Tuesday, 10 May 2016

Creating and capturing value in pharmaceutical markets

In managerial economics, we recognise that business profitability is all about creating and capturing value. Creating value for customers attracts them to buy the product from your firm, and capturing some of that value for your firm is what leads to business profits. The better at creating and capturing value your firm is, the more profitable it will be.

This is essentially what we will be covering in ECON100 this week. Which made this New Zealand Herald article from last week particularly timely. The article talks about pricing in the market for pharmaceuticals, and tells the story of Mick Kolassa:
The Kolassa theory seems straightforward enough. Basically, it holds that drug companies should charge handsomely for products that will benefit not only the patient but the economy, by keeping people out of hospitals or allowing them to live productive lives. The price should factor in a profit that can finance more crucial discoveries.
A case study displayed on MME's website sheds light on what the firm calls its "value-based strategies." A client wondered whether it should cut a price to reverse slowing sales. After discovering some doctors really liked the drug, MME recommended "a set of aggressive price increases immediately." The client obliged, and "revenue has increased substantially."...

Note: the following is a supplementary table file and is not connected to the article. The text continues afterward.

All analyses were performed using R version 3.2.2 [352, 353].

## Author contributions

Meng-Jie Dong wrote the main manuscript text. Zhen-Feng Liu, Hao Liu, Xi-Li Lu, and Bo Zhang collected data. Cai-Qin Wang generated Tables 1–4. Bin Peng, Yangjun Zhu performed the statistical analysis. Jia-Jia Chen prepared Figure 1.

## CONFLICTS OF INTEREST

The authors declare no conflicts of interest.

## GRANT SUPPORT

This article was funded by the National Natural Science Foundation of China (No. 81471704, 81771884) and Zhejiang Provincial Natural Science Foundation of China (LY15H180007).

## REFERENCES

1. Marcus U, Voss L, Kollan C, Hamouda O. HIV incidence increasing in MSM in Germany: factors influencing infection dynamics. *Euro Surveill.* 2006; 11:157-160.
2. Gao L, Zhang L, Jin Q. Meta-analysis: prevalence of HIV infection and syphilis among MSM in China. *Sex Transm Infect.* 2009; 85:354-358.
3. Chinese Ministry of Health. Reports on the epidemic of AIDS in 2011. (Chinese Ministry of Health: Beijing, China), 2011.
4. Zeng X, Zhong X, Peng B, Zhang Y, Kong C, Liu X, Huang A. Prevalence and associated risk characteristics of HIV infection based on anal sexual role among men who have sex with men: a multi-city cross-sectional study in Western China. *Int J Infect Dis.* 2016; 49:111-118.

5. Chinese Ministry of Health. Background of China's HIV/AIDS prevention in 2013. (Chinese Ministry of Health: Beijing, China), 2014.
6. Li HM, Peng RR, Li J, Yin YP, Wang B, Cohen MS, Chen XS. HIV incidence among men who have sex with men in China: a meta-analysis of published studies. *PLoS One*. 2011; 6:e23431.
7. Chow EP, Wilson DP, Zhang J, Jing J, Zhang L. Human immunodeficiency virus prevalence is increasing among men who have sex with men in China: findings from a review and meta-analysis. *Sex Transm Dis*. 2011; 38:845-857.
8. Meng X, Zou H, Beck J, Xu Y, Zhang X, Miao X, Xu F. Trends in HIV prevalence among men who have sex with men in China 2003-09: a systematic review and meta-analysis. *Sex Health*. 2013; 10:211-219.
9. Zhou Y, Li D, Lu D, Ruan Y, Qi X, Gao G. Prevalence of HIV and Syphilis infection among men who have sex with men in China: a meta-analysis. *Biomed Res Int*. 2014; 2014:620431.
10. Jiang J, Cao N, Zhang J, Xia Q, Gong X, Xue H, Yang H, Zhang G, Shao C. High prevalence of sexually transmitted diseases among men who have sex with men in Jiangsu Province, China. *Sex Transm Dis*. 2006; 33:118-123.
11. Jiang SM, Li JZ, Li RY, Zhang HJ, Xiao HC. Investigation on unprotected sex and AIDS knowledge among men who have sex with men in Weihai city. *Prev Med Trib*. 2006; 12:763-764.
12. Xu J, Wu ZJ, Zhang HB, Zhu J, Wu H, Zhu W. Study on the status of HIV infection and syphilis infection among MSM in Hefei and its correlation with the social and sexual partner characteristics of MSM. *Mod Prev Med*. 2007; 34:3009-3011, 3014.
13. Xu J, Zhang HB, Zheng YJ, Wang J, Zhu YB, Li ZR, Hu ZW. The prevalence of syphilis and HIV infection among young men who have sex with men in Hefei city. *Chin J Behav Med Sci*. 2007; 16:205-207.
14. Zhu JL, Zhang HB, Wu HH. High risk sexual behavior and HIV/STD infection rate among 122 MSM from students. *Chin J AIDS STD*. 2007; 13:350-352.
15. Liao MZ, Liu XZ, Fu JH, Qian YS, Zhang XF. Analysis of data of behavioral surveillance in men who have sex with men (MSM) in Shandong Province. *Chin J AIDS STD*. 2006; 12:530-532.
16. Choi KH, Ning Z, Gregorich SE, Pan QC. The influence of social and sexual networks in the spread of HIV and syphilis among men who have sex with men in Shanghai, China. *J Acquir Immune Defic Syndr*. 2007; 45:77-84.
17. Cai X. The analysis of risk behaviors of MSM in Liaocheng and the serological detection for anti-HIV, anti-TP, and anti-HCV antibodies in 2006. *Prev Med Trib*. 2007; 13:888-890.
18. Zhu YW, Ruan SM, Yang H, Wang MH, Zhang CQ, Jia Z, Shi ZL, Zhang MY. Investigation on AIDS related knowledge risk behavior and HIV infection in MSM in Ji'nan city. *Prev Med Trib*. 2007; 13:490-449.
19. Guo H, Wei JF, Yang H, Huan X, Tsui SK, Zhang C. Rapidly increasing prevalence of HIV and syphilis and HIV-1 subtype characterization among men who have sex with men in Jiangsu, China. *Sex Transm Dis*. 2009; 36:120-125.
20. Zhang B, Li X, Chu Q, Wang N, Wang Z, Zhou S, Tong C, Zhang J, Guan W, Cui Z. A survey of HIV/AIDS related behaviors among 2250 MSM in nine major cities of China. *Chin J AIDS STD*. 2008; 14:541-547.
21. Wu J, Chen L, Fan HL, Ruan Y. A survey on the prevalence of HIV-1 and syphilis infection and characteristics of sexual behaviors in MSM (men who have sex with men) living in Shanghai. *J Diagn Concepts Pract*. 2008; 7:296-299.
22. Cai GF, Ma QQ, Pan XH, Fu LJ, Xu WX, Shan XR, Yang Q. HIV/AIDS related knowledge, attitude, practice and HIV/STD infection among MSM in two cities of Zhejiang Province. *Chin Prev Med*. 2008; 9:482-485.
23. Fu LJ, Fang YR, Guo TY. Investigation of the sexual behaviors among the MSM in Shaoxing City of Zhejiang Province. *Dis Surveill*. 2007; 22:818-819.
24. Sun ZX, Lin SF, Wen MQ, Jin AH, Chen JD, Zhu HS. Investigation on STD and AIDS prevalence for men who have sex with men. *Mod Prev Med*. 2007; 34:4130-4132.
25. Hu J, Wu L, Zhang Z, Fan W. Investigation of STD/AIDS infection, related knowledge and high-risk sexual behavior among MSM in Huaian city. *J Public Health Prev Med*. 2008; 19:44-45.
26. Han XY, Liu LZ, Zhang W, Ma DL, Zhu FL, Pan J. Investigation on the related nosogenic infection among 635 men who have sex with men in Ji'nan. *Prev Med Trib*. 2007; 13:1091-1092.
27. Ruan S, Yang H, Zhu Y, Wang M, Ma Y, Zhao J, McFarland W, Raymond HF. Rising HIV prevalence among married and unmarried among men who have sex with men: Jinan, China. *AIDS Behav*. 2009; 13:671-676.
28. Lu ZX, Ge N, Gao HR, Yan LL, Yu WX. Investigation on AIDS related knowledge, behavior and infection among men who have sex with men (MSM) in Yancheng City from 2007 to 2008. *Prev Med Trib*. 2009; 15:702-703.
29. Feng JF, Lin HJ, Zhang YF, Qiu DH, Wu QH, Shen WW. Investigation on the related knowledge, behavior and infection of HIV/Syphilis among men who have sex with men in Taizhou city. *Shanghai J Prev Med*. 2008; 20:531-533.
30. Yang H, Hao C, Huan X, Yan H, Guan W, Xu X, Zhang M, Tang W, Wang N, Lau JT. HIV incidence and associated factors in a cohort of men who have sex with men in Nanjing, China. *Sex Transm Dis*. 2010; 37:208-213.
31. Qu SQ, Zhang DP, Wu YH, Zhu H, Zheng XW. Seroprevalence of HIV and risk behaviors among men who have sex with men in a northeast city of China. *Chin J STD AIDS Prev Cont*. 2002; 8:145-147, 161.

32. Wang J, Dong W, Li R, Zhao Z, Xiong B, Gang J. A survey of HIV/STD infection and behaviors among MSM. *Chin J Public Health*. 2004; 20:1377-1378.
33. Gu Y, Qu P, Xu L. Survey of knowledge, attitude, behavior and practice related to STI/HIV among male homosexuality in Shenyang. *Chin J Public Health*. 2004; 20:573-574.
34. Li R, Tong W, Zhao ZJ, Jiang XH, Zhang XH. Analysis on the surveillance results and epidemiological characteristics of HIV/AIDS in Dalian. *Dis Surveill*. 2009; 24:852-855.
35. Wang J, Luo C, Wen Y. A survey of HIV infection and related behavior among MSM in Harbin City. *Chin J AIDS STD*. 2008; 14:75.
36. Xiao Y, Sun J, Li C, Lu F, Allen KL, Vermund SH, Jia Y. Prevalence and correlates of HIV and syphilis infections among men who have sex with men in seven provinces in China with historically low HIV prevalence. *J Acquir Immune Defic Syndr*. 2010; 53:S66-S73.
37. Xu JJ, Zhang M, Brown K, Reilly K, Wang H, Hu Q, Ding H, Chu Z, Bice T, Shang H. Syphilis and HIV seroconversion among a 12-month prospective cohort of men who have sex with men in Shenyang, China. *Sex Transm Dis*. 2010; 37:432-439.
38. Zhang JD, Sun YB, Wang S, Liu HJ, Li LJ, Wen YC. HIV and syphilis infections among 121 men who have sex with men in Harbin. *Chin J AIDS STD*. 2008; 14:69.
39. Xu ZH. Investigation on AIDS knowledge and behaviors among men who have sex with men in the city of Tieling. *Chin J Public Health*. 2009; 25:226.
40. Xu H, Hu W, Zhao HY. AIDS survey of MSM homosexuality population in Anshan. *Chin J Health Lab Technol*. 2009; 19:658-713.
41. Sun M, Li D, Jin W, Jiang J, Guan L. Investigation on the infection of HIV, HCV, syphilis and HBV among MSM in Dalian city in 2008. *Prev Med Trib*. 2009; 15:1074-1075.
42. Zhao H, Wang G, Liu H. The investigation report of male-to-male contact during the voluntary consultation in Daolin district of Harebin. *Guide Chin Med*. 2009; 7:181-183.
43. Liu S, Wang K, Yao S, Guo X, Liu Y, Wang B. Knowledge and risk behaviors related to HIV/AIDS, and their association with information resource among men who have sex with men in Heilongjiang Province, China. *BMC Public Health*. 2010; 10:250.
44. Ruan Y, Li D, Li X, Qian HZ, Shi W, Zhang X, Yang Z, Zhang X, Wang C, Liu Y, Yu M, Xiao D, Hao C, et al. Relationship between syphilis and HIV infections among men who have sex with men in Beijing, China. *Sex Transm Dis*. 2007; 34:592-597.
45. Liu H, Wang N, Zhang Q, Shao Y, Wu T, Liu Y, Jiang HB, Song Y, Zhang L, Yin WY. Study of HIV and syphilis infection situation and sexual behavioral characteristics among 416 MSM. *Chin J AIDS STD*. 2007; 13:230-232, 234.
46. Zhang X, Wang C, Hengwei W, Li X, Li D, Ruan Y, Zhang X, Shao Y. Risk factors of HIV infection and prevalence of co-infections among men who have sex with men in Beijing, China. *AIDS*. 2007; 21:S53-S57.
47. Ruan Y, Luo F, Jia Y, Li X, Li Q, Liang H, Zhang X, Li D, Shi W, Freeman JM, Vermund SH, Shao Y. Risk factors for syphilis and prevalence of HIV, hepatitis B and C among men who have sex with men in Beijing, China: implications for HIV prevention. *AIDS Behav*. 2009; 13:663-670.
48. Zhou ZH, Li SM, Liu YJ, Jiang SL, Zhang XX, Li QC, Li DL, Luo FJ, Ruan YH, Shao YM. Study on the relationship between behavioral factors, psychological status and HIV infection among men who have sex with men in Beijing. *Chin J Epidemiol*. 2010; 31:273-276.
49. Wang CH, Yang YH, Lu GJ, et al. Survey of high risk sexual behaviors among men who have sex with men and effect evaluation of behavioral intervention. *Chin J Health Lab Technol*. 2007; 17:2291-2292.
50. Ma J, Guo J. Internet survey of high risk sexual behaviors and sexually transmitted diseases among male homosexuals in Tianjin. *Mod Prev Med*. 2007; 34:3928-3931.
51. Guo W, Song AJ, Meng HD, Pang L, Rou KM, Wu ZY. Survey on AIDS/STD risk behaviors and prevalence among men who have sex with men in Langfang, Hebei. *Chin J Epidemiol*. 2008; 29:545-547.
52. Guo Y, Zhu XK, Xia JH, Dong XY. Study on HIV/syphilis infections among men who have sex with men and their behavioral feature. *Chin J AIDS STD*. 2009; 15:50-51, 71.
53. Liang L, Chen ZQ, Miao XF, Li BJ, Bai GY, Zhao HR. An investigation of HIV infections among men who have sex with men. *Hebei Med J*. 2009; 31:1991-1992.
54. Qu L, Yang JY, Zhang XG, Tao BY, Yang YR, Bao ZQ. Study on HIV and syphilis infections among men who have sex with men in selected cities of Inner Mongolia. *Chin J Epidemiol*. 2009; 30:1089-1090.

In his book "The Strategic Pricing of Pharmaceuticals," Kolassa wrote about drug-price elasticity. "It is theoretically possible to set a price that is too high," he said. "We have yet to identify such a situation in the U.S. market."
Pharmaceuticals create a lot of value for patients (the difference in value between life and death is pretty stark!). Pharmaceutical companies therefore seek to capture much of that value for themselves, by charging high prices (I've written on the economics of drug development and pricing before). They can get away with the high prices because they have market power, and this market power arises because there are barriers to entry into the market - the drugs can be patented, and patents keep competitors out of the market. Even after a drug is off-patent though, there are still barriers to entry because it is costly and takes time for firms to divert resources to drug development, testing, and accreditation, even if it only involves creating a generic version of an existing drug. This is one of the reasons that Turing Pharmaceuticals was able to radically increase the price of Daraprim last year.

So, even though a full course of the hepatitis C drug Sovaldi sells for US$84,000, because it requires a shorter treatment period and has fewer side effects than alternative treatments, it generates a lot of value for patients. Patients (and by extension, health insurers and providers) are willing to pay the high price because of the value it generates for them in terms of improvements in health and wellbeing. All of this makes Sovaldi enormously profitable for Gilead.

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